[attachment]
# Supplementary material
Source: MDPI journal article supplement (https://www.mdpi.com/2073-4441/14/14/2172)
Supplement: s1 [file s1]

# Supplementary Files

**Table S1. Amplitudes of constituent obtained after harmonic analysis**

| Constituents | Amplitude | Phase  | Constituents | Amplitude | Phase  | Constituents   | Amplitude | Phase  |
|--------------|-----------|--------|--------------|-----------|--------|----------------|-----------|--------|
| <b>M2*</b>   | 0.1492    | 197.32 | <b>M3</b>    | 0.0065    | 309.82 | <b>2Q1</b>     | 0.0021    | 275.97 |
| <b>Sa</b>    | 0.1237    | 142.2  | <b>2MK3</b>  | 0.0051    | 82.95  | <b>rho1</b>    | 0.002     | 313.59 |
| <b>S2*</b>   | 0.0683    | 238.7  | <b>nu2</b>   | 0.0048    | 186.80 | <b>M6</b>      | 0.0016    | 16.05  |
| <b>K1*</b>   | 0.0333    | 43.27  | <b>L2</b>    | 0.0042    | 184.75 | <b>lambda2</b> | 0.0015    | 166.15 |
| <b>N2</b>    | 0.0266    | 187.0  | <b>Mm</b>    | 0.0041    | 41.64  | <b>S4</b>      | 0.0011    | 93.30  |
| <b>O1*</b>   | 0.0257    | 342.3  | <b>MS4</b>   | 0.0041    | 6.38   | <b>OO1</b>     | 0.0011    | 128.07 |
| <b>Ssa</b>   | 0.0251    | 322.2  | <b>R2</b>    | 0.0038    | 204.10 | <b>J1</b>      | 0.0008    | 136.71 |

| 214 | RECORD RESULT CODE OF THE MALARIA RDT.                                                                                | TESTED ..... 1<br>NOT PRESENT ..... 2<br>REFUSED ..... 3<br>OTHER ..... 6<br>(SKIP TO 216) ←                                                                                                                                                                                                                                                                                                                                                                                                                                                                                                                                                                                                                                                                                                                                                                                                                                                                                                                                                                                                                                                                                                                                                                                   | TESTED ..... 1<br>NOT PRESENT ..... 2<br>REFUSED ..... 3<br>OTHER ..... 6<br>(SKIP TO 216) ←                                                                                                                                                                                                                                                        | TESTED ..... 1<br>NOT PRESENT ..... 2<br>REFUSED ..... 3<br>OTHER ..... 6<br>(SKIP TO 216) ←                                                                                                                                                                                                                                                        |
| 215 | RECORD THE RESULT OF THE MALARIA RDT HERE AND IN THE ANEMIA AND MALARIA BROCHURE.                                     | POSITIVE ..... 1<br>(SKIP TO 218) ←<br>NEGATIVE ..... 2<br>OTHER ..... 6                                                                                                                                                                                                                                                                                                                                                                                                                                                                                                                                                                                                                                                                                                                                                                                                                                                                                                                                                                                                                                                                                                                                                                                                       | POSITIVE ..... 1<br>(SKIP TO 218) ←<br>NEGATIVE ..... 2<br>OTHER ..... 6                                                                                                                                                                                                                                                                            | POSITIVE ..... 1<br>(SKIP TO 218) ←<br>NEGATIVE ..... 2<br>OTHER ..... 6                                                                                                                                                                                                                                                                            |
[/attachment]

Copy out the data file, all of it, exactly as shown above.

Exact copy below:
# Supplementary material
Source: MDPI journal article supplement (https://www.mdpi.com/2073-4441/14/14/2172)
Supplement: s1 [file s1]

# Supplementary Files

**Table S1. Amplitudes of constituent obtained after harmonic analysis**

| Constituents | Amplitude | Phase  | Constituents | Amplitude | Phase  | Constituents   | Amplitude | Phase  |
|--------------|-----------|--------|--------------|-----------|--------|----------------|-----------|--------|
| <b>M2*</b>   | 0.1492    | 197.32 | <b>M3</b>    | 0.0065    | 309.82 | <b>2Q1</b>     | 0.0021    | 275.97 |
| <b>Sa</b>    | 0.1237    | 142.2  | <b>2MK3</b>  | 0.0051    | 82.95  | <b>rho1</b>    | 0.002     | 313.59 |
| <b>S2*</b>   | 0.0683    | 238.7  | <b>nu2</b>   | 0.0048    | 186.80 | <b>M6</b>      | 0.0016    | 16.05  |
| <b>K1*</b>   | 0.0333    | 43.27  | <b>L2</b>    | 0.0042    | 184.75 | <b>lambda2</b> | 0.0015    | 166.15 |
| <b>N2</b>    | 0.0266    | 187.0  | <b>Mm</b>    | 0.0041    | 41.64  | <b>S4</b>      | 0.0011    | 93.30  |
| <b>O1*</b>   | 0.0257    | 342.3  | <b>MS4</b>   | 0.0041    | 6.38   | <b>OO1</b>     | 0.0011    | 128.07 |
| <b>Ssa</b>   | 0.0251    | 322.2  | <b>R2</b>    | 0.0038    | 204.10 | <b>J1</b>      | 0.0008    | 136.71 |

| 214 | RECORD RESULT CODE OF THE MALARIA RDT.                                                                                | TESTED ..... 1<br>NOT PRESENT ..... 2<br>REFUSED ..... 3<br>OTHER ..... 6<br>(SKIP TO 216) ←                                                                                                                                                                                                                                                                                                                                                                                                                                                                                                                                                                                                                                                                                                                                                                                                                                                                                                                                                                                                                                                                                                                                                                                   | TESTED ..... 1<br>NOT PRESENT ..... 2<br>REFUSED ..... 3<br>OTHER ..... 6<br>(SKIP TO 216) ←                                                                                                                                                                                                                                                        | TESTED ..... 1<br>NOT PRESENT ..... 2<br>REFUSED ..... 3<br>OTHER ..... 6<br>(SKIP TO 216) ←                                                                                                                                                                                                                                                        |
| 215 | RECORD THE RESULT OF THE MALARIA RDT HERE AND IN THE ANEMIA AND MALARIA BROCHURE.                                     | POSITIVE ..... 1<br>(SKIP TO 218) ←<br>NEGATIVE ..... 2<br>OTHER ..... 6                                                                                                                                                                                                                                                                                                                                                                                                                                                                                                                                                                                                                                                                                                                                                                                                                                                                                                                                                                                                                                                                                                                                                                                                       | POSITIVE ..... 1<br>(SKIP TO 218) ←<br>NEGATIVE ..... 2<br>OTHER ..... 6                                                                                                                                                                                                                                                                            | POSITIVE ..... 1<br>(SKIP TO 218) ←<br>NEGATIVE ..... 2<br>OTHER ..... 6                                                                                                                                                                                                                                                                            |